In some parts of the world, readers are so familiar, so comfortable with the work of Gabriel Garcia Marquez that they feel as though they know him. They refer to him affectionately as “Gabo.” They talk about his characters as if they are old friends, and they refer to Macondo (the fictional setting of his most famous novel One Hundred Years of Solitude) as a real place. Gabo is considered required reading.
There are certain circles in the US where he is just as well known, though the attitude toward him and his work is…different. There seem to be two camps. There are those who revere him as some sort of literary genius and speak of him in reverent tones. There are also those who do not understand what all the fuss is about. Or they hear the words “Magical Realism” and get really nervous. While that may be what Gabo is most known for, it is not the only thing he does. It’s not even what he’s best at. Start with something that is not Magical Realism and work your way up to something that is. Here are a few recommendations:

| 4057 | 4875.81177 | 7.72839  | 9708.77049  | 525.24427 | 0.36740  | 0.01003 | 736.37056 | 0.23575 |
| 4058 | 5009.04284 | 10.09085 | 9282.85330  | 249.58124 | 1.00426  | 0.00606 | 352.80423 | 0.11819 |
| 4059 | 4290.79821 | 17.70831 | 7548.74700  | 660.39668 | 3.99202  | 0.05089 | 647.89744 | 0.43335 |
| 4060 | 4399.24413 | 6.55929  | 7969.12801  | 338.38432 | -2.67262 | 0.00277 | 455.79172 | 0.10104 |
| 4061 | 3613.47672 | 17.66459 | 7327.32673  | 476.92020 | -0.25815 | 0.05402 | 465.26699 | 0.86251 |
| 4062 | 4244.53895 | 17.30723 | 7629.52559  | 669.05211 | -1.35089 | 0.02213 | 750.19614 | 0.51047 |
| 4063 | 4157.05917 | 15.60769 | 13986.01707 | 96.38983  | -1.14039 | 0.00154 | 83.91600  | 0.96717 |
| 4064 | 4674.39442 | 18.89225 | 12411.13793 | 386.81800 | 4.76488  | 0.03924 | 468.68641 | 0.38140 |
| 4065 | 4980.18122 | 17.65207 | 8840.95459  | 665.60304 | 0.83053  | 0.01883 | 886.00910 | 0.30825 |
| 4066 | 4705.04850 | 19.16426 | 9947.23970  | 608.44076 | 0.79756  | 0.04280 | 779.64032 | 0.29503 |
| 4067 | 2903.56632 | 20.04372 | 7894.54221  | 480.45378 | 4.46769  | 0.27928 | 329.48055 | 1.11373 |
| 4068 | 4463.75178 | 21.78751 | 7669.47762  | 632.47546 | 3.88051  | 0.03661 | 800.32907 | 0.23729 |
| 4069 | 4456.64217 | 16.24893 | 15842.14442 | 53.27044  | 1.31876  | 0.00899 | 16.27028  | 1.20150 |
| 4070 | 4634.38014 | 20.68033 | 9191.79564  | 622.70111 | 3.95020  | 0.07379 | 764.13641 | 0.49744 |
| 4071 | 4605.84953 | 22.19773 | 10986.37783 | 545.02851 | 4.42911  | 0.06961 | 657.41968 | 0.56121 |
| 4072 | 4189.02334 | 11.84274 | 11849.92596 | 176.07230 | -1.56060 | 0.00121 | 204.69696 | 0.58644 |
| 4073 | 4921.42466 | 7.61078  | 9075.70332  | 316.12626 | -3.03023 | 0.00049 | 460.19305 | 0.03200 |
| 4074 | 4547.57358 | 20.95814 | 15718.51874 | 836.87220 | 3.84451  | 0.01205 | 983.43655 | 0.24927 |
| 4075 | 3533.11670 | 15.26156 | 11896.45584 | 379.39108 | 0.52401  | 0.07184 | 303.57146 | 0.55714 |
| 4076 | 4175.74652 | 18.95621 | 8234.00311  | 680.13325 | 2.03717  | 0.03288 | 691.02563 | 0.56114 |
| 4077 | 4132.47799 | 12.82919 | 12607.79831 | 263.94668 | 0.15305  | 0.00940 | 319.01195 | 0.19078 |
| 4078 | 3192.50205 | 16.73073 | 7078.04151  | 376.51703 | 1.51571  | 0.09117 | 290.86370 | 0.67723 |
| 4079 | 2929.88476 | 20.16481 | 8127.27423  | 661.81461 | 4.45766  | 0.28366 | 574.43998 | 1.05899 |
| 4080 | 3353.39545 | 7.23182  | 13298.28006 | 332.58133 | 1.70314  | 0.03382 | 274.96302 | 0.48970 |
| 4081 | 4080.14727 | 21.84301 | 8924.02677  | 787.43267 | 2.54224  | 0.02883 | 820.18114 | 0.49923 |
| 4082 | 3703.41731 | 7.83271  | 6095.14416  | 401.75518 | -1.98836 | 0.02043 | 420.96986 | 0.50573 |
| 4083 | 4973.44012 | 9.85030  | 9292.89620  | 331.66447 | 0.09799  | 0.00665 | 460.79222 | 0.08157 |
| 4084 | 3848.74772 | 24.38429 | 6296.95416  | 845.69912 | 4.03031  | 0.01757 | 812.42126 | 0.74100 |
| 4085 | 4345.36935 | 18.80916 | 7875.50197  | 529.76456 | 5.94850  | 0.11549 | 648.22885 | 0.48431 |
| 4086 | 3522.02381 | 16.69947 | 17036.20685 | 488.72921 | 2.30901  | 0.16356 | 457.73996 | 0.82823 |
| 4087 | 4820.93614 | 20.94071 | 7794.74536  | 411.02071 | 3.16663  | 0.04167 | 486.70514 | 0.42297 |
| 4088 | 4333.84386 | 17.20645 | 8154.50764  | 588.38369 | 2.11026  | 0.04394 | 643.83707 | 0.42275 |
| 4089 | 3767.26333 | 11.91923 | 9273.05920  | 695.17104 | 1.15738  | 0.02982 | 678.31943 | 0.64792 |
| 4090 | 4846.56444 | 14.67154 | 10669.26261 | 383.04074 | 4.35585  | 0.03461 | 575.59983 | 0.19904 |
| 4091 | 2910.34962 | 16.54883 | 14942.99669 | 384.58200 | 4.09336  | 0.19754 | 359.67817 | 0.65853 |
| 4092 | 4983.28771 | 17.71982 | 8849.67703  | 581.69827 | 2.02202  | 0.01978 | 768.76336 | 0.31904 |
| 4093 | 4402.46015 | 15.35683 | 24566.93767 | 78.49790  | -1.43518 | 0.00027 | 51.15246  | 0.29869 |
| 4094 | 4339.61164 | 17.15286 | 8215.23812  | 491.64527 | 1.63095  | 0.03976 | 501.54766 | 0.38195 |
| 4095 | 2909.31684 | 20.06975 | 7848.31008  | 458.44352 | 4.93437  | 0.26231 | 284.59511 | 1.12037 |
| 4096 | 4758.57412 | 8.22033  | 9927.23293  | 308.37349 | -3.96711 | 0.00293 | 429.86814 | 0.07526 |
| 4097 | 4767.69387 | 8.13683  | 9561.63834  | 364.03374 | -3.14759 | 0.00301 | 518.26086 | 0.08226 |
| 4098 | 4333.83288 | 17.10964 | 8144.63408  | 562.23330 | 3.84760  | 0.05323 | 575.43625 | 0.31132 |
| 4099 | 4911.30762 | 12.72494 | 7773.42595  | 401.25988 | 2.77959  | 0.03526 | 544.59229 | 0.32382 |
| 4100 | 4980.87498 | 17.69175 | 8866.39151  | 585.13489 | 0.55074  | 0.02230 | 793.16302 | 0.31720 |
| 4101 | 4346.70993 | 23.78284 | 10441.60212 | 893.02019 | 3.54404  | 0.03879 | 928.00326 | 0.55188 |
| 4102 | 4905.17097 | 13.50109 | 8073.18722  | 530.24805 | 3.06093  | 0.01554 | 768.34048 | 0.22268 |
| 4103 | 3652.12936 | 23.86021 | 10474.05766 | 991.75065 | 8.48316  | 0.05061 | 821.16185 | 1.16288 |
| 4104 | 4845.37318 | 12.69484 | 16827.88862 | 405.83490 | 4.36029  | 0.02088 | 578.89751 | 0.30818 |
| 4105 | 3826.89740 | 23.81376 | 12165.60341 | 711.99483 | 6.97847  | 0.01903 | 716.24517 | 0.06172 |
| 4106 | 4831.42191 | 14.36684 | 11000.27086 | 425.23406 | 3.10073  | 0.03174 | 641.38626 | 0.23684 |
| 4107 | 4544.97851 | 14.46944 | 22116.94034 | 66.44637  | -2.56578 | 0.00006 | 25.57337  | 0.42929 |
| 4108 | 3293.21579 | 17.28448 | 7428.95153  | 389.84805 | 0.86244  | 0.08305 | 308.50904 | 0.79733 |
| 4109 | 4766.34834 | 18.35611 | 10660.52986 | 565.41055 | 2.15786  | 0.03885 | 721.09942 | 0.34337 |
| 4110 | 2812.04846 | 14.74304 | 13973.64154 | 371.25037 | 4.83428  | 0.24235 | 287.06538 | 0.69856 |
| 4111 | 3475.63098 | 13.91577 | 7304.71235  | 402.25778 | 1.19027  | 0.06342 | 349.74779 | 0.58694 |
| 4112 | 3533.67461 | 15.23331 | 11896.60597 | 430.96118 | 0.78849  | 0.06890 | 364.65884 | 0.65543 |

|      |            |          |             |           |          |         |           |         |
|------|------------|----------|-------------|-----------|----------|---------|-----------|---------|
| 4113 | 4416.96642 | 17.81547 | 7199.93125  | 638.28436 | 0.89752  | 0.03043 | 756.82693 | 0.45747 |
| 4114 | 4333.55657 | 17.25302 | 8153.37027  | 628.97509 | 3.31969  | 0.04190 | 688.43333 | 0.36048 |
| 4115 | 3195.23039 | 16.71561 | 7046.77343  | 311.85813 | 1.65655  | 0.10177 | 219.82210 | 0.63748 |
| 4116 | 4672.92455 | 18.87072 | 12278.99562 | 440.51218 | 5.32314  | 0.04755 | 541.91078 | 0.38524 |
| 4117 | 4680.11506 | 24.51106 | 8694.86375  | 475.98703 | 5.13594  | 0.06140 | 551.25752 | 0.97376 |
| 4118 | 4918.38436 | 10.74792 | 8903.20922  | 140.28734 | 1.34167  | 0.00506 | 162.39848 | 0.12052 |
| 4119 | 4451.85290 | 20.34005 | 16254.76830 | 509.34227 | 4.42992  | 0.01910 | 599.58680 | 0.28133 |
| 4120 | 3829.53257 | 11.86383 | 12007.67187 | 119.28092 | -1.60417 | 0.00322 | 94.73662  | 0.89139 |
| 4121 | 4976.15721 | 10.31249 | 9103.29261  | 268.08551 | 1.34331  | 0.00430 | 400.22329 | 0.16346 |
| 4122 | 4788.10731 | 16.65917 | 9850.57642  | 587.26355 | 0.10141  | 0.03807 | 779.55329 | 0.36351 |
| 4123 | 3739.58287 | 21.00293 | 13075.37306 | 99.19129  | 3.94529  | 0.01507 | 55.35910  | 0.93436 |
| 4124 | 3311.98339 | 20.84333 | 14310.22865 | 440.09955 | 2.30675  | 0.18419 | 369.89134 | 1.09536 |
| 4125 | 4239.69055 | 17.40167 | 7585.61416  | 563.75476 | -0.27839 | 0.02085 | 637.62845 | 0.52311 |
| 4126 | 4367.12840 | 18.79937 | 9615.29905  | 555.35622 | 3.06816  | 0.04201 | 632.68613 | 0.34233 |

This novella, published in 2004, is the most recent work of fiction from Garcia Marquez, though reports (from October 2010) indicate that he has a new novel in the works. The work centers on a man who is celebrating his 90th birthday and decides that, to celebrate the occasion, he wants to have sex with a virgin. The most fantastical element of the whole story is the age difference, and Gabo handles that with the requisite humor. Some people do miss out on the humor, though; the book was banned in Iran.
This beautiful novel was, unfortunately, adapted into a not-so beautiful movie in 2007. The story is about a love triangle. A young woman, Fermina, gives up on her passionate first love with Florentino Ariza in favor of the more sensible love offered by Juvenal Urbino. Florentino is forced to love her from afar and spends the years trying to find her replacement. The couple spend 50 years apart, with only the occasional pleasantry exchanged in the street. It is a typical love story told in an atypical way.
3. One Hundred Years of Solitude
This is my favorite book of all time. As such, I’m fairly certain that anything I write here will amount to little more than fan-girl gushing. I will, however, take a moment to say that the magic that makes some people uncomfortable is handled in such a way that the reader almost doesn’t notice it. That’s how it is supposed to work, and that is how it works here. Ice is one of the world’s great oddities. Flying carpets are an acceptable form of transportation. And that’s okay.
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